Every trauma survivor has the right to become a thriver!

We provide support, friendship and advice for adults who have been affected by childhood abuse. If this is the first time you have visited this site, and would like to learn about HAVOCA, feel free to browse around and explore our hundreds of useful pages about the road to recovery.

HAVOCA’s ethos believes that every single victim of abuse has the ability to survive and lead a more fulfilling life.

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“How many of us suffer with the feeling of being broken???”  

“And many years of putting all the ‘broken’ parts back in place.   No easy process but you can thrive!”

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The above anonymous exchange of text messages got my attention.  I have been using “surviving and thriving” together for some time because shifting to “thrive” offers so much hope.  Why?  Because when we do “survive” emotional neglect and child abuse, embarking on a lifelong journey of healing, we more often than not “thrive” while doing so.  It becomes a daily work in progress and a discipline of understanding the symptoms connected with the mental health challenges.  If we are aware of the triggers and behaviors, we can mitigate the unsettling over reactions to the days events, and practice “dialing down” with style…  Hyper vigilance can be a good thing in terms of staying on top of your game, but not so good if it turns into a panic attack or an over reaction that becomes a distraction to others on your team.  Trauma survivors can thrive by using some of the value added symptoms of mental health challenges to advantage.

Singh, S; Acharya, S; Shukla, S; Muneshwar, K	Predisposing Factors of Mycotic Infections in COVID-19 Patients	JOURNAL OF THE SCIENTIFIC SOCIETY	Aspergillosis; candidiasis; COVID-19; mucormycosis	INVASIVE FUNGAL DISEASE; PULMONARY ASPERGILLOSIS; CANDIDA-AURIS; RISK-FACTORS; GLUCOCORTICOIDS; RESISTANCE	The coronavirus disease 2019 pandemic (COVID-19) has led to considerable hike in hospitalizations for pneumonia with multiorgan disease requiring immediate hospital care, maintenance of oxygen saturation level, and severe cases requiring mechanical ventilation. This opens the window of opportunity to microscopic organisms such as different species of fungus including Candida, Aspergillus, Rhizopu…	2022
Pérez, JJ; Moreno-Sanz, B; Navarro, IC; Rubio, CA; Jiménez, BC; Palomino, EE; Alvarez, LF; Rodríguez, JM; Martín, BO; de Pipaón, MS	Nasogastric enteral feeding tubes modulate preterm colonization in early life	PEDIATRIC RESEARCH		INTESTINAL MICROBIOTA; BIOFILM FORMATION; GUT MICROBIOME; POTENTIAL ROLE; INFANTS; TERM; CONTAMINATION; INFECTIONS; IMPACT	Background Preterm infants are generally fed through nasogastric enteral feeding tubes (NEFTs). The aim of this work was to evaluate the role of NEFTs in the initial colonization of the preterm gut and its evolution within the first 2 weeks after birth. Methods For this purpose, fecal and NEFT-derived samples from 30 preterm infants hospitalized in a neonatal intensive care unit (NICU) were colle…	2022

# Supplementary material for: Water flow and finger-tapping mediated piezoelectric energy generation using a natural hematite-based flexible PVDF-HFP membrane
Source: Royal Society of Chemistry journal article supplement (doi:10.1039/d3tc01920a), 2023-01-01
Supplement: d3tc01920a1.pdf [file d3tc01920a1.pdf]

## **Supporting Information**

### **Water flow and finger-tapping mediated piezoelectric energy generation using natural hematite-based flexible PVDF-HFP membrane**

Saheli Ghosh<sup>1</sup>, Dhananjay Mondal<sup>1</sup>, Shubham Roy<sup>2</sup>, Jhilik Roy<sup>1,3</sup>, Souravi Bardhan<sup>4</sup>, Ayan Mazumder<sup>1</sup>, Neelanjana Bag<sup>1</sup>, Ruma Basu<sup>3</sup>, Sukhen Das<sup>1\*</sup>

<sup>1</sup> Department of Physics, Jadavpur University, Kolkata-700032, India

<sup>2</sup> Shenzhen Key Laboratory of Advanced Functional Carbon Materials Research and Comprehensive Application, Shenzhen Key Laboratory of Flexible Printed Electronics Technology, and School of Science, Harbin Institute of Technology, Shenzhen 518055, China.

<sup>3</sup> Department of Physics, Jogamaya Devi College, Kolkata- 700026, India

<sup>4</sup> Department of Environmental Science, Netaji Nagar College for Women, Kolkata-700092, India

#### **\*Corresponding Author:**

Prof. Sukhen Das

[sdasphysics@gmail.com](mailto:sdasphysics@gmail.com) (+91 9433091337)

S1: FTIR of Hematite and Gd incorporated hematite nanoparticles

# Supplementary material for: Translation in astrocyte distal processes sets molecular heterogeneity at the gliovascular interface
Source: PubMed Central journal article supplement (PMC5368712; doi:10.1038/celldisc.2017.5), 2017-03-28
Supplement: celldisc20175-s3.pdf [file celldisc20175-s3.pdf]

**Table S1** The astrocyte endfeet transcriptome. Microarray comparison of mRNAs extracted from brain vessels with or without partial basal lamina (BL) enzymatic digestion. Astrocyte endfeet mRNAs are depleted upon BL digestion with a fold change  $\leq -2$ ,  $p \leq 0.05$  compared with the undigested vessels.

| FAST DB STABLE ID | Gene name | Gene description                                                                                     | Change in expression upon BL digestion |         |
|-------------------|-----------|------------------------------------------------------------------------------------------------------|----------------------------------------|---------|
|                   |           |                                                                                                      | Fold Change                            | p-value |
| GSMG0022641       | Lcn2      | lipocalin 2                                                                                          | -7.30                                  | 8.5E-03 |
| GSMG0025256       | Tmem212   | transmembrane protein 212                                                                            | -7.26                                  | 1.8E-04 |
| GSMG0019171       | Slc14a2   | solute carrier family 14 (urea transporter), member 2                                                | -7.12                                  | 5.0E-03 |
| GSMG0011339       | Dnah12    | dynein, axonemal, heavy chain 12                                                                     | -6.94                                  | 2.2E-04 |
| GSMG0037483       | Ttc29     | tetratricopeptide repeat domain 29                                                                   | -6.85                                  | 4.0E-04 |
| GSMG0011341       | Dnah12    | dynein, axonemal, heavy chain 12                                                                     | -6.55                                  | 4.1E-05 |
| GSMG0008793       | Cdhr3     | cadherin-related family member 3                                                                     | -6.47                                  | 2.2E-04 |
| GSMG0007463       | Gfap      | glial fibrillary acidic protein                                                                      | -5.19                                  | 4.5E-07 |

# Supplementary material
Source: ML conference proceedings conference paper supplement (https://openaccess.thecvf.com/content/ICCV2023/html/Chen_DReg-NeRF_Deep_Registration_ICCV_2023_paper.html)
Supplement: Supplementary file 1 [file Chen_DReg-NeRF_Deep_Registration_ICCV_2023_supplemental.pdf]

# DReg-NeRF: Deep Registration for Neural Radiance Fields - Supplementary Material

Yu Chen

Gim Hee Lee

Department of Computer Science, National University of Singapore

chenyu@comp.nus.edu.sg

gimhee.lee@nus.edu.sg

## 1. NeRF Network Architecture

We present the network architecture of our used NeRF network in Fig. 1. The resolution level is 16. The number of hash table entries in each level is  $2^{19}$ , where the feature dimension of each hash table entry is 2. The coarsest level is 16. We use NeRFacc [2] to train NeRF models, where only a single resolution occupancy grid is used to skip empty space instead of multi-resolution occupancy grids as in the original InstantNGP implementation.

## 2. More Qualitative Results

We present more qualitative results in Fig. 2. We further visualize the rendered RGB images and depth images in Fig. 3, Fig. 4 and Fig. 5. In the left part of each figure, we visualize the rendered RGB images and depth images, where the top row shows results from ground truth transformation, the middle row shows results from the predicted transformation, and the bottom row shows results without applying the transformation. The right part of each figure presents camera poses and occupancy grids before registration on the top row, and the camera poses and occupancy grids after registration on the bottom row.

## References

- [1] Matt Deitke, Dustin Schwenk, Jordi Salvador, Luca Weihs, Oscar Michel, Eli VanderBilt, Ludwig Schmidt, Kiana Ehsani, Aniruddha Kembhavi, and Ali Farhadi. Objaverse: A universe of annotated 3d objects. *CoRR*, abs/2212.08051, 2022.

I have received excellent mentoring over the years from friends, family, co-workers, and mental health professionals to learn the value of  “dialing down” that translates into facilitating emotions or anger that has positive benefits at home and in the work place.  Take a look at the resource and reference site…Surviving and thriving…  Start thinking in terms of practicing how to use the gifts of hyper vigilance and hyper arousal to your advantage…

Steve Sparks, Author, Reconciliation: A Son’s Story and My Journey of Healing in Life After Trauma, Part 1&2…  Click the highlighted text for my author page to order books and other stuff…

Steve2016

Steve Sparks, Author, Blogger, Child Advocate, and member, Lincoln County Oregon, Mental Health Advisory Committee (MHAC)

 

Pain Killers and OPIOIDS Kill! Estimated 28,000 People Die Annually in America! Combat vets at high risk…

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Substance Abuse Statistics…click image for larger view…

Prescription Drug Overdose Guidance Measures…

The United States is in the midst of an opioid overdose epidemic.

Opioids (including prescription opioid pain relievers  and heroin) killed more than 28,000 people in 2014, more than any year on record. At least half of all opioid overdose deaths involve a prescription opioid.

Pentagon getting serious about Apparent over-prescription of antipsychotic drugs

StanWhite

Stan and Shirley White of W.Va., whose son Andrew, a Marine, suffered from PTSD. When he died in 2008 at 23, they blamed a “lethal cocktail” of drugs. They were in Phila. fighting the use of antipsychotics for service people. DAVID SELL / Staff

Combat veterans are especially at risk… click here for more…

“During about 300 missions, Andrew had a steady diet of death and destruction.